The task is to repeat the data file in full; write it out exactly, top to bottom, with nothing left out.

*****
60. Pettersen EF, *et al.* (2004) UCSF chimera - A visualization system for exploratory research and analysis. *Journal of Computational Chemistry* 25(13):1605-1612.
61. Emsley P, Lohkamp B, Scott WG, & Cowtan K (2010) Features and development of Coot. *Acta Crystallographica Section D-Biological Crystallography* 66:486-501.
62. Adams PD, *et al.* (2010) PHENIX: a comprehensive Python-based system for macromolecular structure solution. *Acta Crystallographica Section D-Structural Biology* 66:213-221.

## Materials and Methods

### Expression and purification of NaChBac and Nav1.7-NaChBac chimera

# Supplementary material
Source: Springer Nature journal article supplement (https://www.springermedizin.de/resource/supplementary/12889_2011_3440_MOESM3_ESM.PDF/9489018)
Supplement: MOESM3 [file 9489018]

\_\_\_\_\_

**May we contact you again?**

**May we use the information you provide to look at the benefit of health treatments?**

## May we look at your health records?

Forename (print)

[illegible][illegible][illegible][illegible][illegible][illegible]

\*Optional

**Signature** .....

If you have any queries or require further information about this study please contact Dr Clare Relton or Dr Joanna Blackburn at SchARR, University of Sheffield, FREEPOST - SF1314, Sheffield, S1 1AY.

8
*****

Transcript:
60. Pettersen EF, *et al.* (2004) UCSF chimera - A visualization system for exploratory research and analysis. *Journal of Computational Chemistry* 25(13):1605-1612.
61. Emsley P, Lohkamp B, Scott WG, & Cowtan K (2010) Features and development of Coot. *Acta Crystallographica Section D-Biological Crystallography* 66:486-501.
62. Adams PD, *et al.* (2010) PHENIX: a comprehensive Python-based system for macromolecular structure solution. *Acta Crystallographica Section D-Structural Biology* 66:213-221.

## Materials and Methods

### Expression and purification of NaChBac and Nav1.7-NaChBac chimera

# Supplementary material
Source: Springer Nature journal article supplement (https://www.springermedizin.de/resource/supplementary/12889_2011_3440_MOESM3_ESM.PDF/9489018)
Supplement: MOESM3 [file 9489018]

\_\_\_\_\_

**May we contact you again?**

**May we use the information you provide to look at the benefit of health treatments?**

## May we look at your health records?

Forename (print)

[illegible][illegible][illegible][illegible][illegible][illegible]

\*Optional

**Signature** .....

If you have any queries or require further information about this study please contact Dr Clare Relton or Dr Joanna Blackburn at SchARR, University of Sheffield, FREEPOST - SF1314, Sheffield, S1 1AY.

8